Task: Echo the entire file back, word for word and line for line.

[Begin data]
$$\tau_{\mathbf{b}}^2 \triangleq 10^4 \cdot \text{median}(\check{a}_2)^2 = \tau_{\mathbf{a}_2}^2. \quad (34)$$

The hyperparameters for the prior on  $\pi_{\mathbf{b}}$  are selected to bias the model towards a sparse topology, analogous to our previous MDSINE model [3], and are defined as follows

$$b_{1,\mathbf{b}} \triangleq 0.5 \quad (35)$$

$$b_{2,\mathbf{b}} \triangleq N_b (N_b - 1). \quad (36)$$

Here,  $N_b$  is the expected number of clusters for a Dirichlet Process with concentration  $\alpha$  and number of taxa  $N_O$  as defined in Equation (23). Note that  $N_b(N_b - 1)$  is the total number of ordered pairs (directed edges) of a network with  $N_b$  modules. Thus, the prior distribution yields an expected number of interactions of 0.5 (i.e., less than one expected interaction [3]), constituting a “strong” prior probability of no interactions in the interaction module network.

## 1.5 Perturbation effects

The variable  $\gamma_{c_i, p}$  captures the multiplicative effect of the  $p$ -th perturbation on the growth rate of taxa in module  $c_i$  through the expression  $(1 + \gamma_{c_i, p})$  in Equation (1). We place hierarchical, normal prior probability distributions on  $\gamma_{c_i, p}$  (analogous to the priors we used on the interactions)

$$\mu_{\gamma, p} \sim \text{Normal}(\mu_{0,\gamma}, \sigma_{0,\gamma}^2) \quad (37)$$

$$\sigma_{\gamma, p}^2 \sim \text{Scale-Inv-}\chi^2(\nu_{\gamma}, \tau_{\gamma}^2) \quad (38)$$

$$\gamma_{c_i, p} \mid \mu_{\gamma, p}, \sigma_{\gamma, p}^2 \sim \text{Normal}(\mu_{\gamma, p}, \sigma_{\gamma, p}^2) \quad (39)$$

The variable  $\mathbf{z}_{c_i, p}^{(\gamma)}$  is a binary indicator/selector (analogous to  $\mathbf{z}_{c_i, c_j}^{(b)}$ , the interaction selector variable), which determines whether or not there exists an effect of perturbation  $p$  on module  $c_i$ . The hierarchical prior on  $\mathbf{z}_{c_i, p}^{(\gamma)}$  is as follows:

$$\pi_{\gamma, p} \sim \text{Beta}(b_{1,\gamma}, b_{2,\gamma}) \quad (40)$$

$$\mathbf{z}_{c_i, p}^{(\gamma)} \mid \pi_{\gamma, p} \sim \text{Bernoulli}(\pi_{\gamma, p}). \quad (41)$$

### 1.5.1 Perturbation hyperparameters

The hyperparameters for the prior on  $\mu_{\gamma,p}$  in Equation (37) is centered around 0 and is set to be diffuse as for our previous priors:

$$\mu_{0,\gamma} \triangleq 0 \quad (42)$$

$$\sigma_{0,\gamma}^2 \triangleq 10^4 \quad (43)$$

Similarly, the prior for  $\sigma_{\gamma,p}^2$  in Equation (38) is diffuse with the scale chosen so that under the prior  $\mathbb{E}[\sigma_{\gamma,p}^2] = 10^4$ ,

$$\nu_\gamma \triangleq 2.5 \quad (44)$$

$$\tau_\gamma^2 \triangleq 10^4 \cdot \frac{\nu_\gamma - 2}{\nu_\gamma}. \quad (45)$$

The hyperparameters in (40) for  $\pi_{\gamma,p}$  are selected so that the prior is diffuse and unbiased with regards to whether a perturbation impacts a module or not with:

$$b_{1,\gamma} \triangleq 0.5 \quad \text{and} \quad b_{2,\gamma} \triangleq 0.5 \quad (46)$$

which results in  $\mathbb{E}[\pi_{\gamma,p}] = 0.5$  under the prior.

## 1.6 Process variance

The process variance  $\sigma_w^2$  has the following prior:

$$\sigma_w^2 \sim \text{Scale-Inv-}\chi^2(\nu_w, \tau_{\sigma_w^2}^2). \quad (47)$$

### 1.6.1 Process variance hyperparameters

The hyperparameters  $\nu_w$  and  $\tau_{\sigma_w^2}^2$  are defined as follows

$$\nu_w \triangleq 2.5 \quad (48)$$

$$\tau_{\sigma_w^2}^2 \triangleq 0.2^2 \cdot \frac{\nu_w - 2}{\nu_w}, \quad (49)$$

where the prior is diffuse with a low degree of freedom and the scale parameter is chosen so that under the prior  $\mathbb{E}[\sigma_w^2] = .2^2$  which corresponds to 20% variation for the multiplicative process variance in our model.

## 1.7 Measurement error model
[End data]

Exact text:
$$\tau_{\mathbf{b}}^2 \triangleq 10^4 \cdot \text{median}(\check{a}_2)^2 = \tau_{\mathbf{a}_2}^2. \quad (34)$$

The hyperparameters for the prior on  $\pi_{\mathbf{b}}$  are selected to bias the model towards a sparse topology, analogous to our previous MDSINE model [3], and are defined as follows

$$b_{1,\mathbf{b}} \triangleq 0.5 \quad (35)$$

$$b_{2,\mathbf{b}} \triangleq N_b (N_b - 1). \quad (36)$$

Here,  $N_b$  is the expected number of clusters for a Dirichlet Process with concentration  $\alpha$  and number of taxa  $N_O$  as defined in Equation (23). Note that  $N_b(N_b - 1)$  is the total number of ordered pairs (directed edges) of a network with  $N_b$  modules. Thus, the prior distribution yields an expected number of interactions of 0.5 (i.e., less than one expected interaction [3]), constituting a “strong” prior probability of no interactions in the interaction module network.

## 1.5 Perturbation effects

The variable  $\gamma_{c_i, p}$  captures the multiplicative effect of the  $p$ -th perturbation on the growth rate of taxa in module  $c_i$  through the expression  $(1 + \gamma_{c_i, p})$  in Equation (1). We place hierarchical, normal prior probability distributions on  $\gamma_{c_i, p}$  (analogous to the priors we used on the interactions)

$$\mu_{\gamma, p} \sim \text{Normal}(\mu_{0,\gamma}, \sigma_{0,\gamma}^2) \quad (37)$$

$$\sigma_{\gamma, p}^2 \sim \text{Scale-Inv-}\chi^2(\nu_{\gamma}, \tau_{\gamma}^2) \quad (38)$$

$$\gamma_{c_i, p} \mid \mu_{\gamma, p}, \sigma_{\gamma, p}^2 \sim \text{Normal}(\mu_{\gamma, p}, \sigma_{\gamma, p}^2) \quad (39)$$

The variable  $\mathbf{z}_{c_i, p}^{(\gamma)}$  is a binary indicator/selector (analogous to  $\mathbf{z}_{c_i, c_j}^{(b)}$ , the interaction selector variable), which determines whether or not there exists an effect of perturbation  $p$  on module  $c_i$ . The hierarchical prior on  $\mathbf{z}_{c_i, p}^{(\gamma)}$  is as follows:

$$\pi_{\gamma, p} \sim \text{Beta}(b_{1,\gamma}, b_{2,\gamma}) \quad (40)$$

$$\mathbf{z}_{c_i, p}^{(\gamma)} \mid \pi_{\gamma, p} \sim \text{Bernoulli}(\pi_{\gamma, p}). \quad (41)$$

### 1.5.1 Perturbation hyperparameters

The hyperparameters for the prior on  $\mu_{\gamma,p}$  in Equation (37) is centered around 0 and is set to be diffuse as for our previous priors:

$$\mu_{0,\gamma} \triangleq 0 \quad (42)$$

$$\sigma_{0,\gamma}^2 \triangleq 10^4 \quad (43)$$

Similarly, the prior for  $\sigma_{\gamma,p}^2$  in Equation (38) is diffuse with the scale chosen so that under the prior  $\mathbb{E}[\sigma_{\gamma,p}^2] = 10^4$ ,

$$\nu_\gamma \triangleq 2.5 \quad (44)$$

$$\tau_\gamma^2 \triangleq 10^4 \cdot \frac{\nu_\gamma - 2}{\nu_\gamma}. \quad (45)$$

The hyperparameters in (40) for  $\pi_{\gamma,p}$  are selected so that the prior is diffuse and unbiased with regards to whether a perturbation impacts a module or not with:

$$b_{1,\gamma} \triangleq 0.5 \quad \text{and} \quad b_{2,\gamma} \triangleq 0.5 \quad (46)$$

which results in  $\mathbb{E}[\pi_{\gamma,p}] = 0.5$  under the prior.

## 1.6 Process variance

The process variance  $\sigma_w^2$  has the following prior:

$$\sigma_w^2 \sim \text{Scale-Inv-}\chi^2(\nu_w, \tau_{\sigma_w^2}^2). \quad (47)$$

### 1.6.1 Process variance hyperparameters

The hyperparameters  $\nu_w$  and  $\tau_{\sigma_w^2}^2$  are defined as follows

$$\nu_w \triangleq 2.5 \quad (48)$$

$$\tau_{\sigma_w^2}^2 \triangleq 0.2^2 \cdot \frac{\nu_w - 2}{\nu_w}, \quad (49)$$

where the prior is diffuse with a low degree of freedom and the scale parameter is chosen so that under the prior  $\mathbb{E}[\sigma_w^2] = .2^2$  which corresponds to 20% variation for the multiplicative process variance in our model.

## 1.7 Measurement error model